Effects of Cross and Self Fertilisation in the Vegetable Kingdom eBook

This eBook from the Gutenberg Project consists of approximately 516 pages of information about Effects of Cross and Self Fertilisation in the Vegetable Kingdom.
cross I resolved to save the seeds, which, after germinating on sand, were planted on the opposite sides of three pots.  In one pot the quasi-crossed plant was very soon and ever afterwards taller and finer than the self-fertilised.  In the two other pots the seedlings on both sides were for a time exactly equal; but when the self-fertilised plants were about 10 inches in height, they surpassed their antagonists by a little, and ever afterwards showed a more decided and increasing advantage; so that the self-fertilised plants, taken altogether, were somewhat superior to the quasi-crossed plants.  In this case, as in that of the Origanum, if individuals which have been asexually propagated from the same stock, and which have been long subjected to the same conditions, are crossed, no advantage whatever is gained.

Several flowers on another plant of the same variety were fertilised with pollen from the younger flowers on the same plant, so as to avoid using the old and long-shed pollen from the same flower, as I thought that this latter might be less efficient than fresh pollen.  Other flowers on the same plant were crossed with fresh pollen from a plant which, although closely similar, was known to have arisen as a distinct seedling.  The self-fertilised seeds germinated rather before the others; but as soon as I got equal pairs they were planted on the opposite sides of four pots.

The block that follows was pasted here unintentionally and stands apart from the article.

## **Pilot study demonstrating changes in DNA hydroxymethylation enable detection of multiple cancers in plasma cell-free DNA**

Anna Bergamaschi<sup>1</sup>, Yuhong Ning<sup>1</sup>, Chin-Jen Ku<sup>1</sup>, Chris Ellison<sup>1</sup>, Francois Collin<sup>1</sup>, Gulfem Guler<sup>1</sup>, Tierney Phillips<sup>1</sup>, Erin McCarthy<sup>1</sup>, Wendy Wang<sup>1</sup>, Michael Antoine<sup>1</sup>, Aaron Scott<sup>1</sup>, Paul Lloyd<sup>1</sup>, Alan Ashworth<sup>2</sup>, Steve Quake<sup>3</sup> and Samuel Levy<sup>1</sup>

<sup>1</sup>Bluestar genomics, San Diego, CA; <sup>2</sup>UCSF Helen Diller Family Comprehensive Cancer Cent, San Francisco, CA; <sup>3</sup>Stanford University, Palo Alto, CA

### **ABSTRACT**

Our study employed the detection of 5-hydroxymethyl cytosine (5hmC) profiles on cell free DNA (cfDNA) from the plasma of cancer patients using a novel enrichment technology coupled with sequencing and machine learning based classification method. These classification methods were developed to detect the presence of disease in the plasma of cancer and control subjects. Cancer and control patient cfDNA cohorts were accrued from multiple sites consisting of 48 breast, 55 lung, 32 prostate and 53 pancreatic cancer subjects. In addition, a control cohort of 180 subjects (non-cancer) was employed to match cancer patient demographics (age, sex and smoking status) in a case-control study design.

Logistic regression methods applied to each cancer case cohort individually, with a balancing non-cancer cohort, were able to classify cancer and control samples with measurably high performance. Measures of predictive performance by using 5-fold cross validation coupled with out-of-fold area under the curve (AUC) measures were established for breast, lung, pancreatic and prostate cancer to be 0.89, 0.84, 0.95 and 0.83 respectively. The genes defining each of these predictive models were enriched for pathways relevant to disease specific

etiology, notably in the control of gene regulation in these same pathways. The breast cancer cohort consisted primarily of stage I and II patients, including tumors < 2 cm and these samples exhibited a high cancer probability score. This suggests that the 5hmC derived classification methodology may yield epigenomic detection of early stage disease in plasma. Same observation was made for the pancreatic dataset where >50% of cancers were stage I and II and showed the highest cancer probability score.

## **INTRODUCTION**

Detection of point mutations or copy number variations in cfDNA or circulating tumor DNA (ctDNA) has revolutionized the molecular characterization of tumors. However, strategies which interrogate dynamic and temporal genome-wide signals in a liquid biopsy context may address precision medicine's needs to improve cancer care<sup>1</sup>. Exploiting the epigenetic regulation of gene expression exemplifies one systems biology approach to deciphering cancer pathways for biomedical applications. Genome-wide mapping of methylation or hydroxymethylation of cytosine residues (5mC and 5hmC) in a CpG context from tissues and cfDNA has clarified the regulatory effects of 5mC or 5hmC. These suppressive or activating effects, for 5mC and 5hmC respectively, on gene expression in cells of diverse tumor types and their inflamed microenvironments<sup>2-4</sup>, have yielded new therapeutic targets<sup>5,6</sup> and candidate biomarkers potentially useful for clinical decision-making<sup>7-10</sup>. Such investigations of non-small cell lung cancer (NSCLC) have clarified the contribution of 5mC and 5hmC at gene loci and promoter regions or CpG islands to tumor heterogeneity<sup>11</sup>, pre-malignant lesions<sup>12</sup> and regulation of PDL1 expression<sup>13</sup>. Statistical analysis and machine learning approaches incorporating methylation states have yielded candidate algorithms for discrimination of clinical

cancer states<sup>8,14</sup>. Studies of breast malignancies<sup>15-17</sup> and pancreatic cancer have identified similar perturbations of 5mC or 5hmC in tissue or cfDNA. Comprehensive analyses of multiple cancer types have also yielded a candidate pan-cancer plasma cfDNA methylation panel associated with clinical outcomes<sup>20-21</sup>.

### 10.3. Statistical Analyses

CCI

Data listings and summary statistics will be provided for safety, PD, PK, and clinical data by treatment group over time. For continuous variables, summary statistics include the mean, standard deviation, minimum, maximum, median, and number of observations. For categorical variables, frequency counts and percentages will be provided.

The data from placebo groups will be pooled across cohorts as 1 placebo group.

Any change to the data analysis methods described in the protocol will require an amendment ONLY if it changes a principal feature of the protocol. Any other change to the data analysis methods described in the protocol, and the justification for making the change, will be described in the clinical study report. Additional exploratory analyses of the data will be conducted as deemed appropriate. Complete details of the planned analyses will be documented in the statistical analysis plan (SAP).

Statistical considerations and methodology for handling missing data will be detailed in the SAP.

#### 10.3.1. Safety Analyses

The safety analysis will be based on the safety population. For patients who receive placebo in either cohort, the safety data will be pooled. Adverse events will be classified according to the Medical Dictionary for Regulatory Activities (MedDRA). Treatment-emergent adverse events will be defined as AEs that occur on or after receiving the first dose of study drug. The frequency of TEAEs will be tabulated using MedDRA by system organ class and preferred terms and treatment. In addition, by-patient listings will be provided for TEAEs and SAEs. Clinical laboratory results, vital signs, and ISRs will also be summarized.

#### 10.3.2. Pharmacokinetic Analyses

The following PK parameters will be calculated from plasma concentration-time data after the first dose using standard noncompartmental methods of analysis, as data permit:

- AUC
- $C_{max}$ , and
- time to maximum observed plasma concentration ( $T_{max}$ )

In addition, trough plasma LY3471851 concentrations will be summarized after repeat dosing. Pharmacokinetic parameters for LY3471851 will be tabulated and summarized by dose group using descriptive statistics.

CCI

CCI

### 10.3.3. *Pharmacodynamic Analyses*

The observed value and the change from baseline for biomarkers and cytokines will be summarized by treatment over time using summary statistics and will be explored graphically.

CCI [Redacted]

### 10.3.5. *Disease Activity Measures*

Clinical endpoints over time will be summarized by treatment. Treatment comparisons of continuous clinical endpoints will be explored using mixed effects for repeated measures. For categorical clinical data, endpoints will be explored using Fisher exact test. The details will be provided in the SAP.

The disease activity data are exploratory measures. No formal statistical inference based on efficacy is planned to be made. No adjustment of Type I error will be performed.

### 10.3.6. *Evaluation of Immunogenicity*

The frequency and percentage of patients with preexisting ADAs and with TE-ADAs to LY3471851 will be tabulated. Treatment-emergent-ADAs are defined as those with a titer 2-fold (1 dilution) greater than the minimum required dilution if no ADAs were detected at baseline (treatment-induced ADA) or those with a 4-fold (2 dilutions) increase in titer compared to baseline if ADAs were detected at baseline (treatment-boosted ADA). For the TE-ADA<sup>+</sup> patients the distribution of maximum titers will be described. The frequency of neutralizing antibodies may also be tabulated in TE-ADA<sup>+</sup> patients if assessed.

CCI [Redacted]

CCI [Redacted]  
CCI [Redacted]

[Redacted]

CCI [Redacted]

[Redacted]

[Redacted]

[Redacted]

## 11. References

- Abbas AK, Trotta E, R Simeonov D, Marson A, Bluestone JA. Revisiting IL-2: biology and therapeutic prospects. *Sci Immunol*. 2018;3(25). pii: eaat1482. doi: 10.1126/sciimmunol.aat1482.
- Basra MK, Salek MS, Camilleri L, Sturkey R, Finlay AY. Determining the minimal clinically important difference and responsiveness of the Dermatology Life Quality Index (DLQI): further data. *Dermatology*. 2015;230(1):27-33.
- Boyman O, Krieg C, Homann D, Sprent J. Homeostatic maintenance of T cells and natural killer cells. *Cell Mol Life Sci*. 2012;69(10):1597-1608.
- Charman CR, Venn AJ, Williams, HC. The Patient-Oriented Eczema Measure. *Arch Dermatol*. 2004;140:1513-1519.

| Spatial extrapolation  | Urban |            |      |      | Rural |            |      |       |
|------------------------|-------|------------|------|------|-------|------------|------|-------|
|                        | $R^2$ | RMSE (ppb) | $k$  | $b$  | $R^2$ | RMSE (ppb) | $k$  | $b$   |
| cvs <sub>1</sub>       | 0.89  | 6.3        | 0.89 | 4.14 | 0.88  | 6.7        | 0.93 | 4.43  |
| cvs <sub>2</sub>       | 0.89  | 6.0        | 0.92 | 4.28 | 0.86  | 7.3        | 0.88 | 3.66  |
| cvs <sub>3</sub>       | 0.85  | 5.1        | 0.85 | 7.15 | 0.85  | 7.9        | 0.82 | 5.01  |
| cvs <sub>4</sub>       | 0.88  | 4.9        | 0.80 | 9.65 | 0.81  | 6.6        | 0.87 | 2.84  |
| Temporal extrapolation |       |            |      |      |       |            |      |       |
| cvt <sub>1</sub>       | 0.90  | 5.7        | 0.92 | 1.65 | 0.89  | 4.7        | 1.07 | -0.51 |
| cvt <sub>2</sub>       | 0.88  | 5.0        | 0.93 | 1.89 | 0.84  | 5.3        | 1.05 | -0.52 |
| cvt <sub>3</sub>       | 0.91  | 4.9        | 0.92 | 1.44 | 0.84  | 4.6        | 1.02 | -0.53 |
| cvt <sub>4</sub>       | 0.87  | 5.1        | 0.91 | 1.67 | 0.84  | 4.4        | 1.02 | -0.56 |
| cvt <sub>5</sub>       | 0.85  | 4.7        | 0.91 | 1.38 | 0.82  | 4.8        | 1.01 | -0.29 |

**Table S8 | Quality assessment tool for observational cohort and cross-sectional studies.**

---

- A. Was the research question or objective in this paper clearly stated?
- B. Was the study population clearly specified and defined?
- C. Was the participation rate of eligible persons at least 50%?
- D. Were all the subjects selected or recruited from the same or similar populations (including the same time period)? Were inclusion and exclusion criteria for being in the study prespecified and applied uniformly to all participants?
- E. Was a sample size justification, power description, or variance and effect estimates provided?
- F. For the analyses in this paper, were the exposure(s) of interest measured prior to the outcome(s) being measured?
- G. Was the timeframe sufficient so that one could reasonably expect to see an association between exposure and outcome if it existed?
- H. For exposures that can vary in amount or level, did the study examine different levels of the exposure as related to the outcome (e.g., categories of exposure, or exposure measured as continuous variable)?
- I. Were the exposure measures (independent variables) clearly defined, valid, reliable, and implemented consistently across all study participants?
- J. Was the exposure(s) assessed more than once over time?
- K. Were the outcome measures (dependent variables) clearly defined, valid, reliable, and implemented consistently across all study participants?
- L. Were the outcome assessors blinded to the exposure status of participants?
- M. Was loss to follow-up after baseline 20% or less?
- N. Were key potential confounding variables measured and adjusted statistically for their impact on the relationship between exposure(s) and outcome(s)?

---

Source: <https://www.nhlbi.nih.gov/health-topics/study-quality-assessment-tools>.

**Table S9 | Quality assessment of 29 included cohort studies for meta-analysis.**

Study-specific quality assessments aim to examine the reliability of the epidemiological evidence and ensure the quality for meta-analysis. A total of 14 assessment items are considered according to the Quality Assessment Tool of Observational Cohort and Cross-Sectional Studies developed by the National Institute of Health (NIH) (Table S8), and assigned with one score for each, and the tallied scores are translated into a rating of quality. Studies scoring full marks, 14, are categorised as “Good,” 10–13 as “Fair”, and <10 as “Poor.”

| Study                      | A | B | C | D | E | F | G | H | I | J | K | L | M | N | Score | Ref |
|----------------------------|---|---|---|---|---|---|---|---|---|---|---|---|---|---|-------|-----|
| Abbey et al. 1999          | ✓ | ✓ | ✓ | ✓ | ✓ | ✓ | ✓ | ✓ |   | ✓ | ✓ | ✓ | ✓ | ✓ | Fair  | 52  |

Table 5/49.  Pelargonium zonale.

Heights of plants measured in inches.

Column 1:  Number (Name) of Pot.

Column 2:  Crossed Plants.

Column 3:  Self-fertilised Plants.

Pot 1 :  22 3/8 :  25 5/8. 
Pot 1 :  19 6/8 :  12 4/8.

Pot 2 :  15 :  19 6/8. 
Pot 2 :  12 2/8 :  22 3/8.

Pot 3 :  30 5/8 :  19 4/8. 
Pot 3 :  18 4/8 :  7 4/8.

Pot 4 :  38 :  9 1/8.

Total :  156.50 :  116.38.

When the two lots of seedlings were between 4 and 5 inches in height they were equal, excepting in Pot 4, in which the crossed plant was much the tallest.  When between 11 and 14 inches in height, they were measured to the tips of their uppermost leaves; the crossed averaged 13.46, and the self-fertilised 11.07 inches in height, or as 100 to 82.  Five months later they were again measured in the same manner, and the results are given in Table 5/49.

The seven crossed plants now averaged 22.35, and the seven self-fertilised 16.62 inches in height, or as 100 to 74.  But from the great inequality of the several plants, the result is less trustworthy than in most other cases.  In Pot 2 the two self-fertilised plants always had an advantage, except whilst quite young over the two crossed plants.

As I wished to ascertain how these plants would behave during a second growth, they were cut down close to the ground whilst growing freely.  The crossed plants now showed their superiority in another way, for only one out of the seven was killed by the operation, whilst three of the self-fertilised plants never recovered.  There was, therefore, no use in keeping any of the plants excepting those in Pots 1 and 3; and in the following year the crossed plants in these two pots showed during their second growth nearly the same relative superiority over the self-fertilised plants as before.

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Effects of Cross and Self Fertilisation in the Vegetable Kingdom from Project Gutenberg. Public domain.
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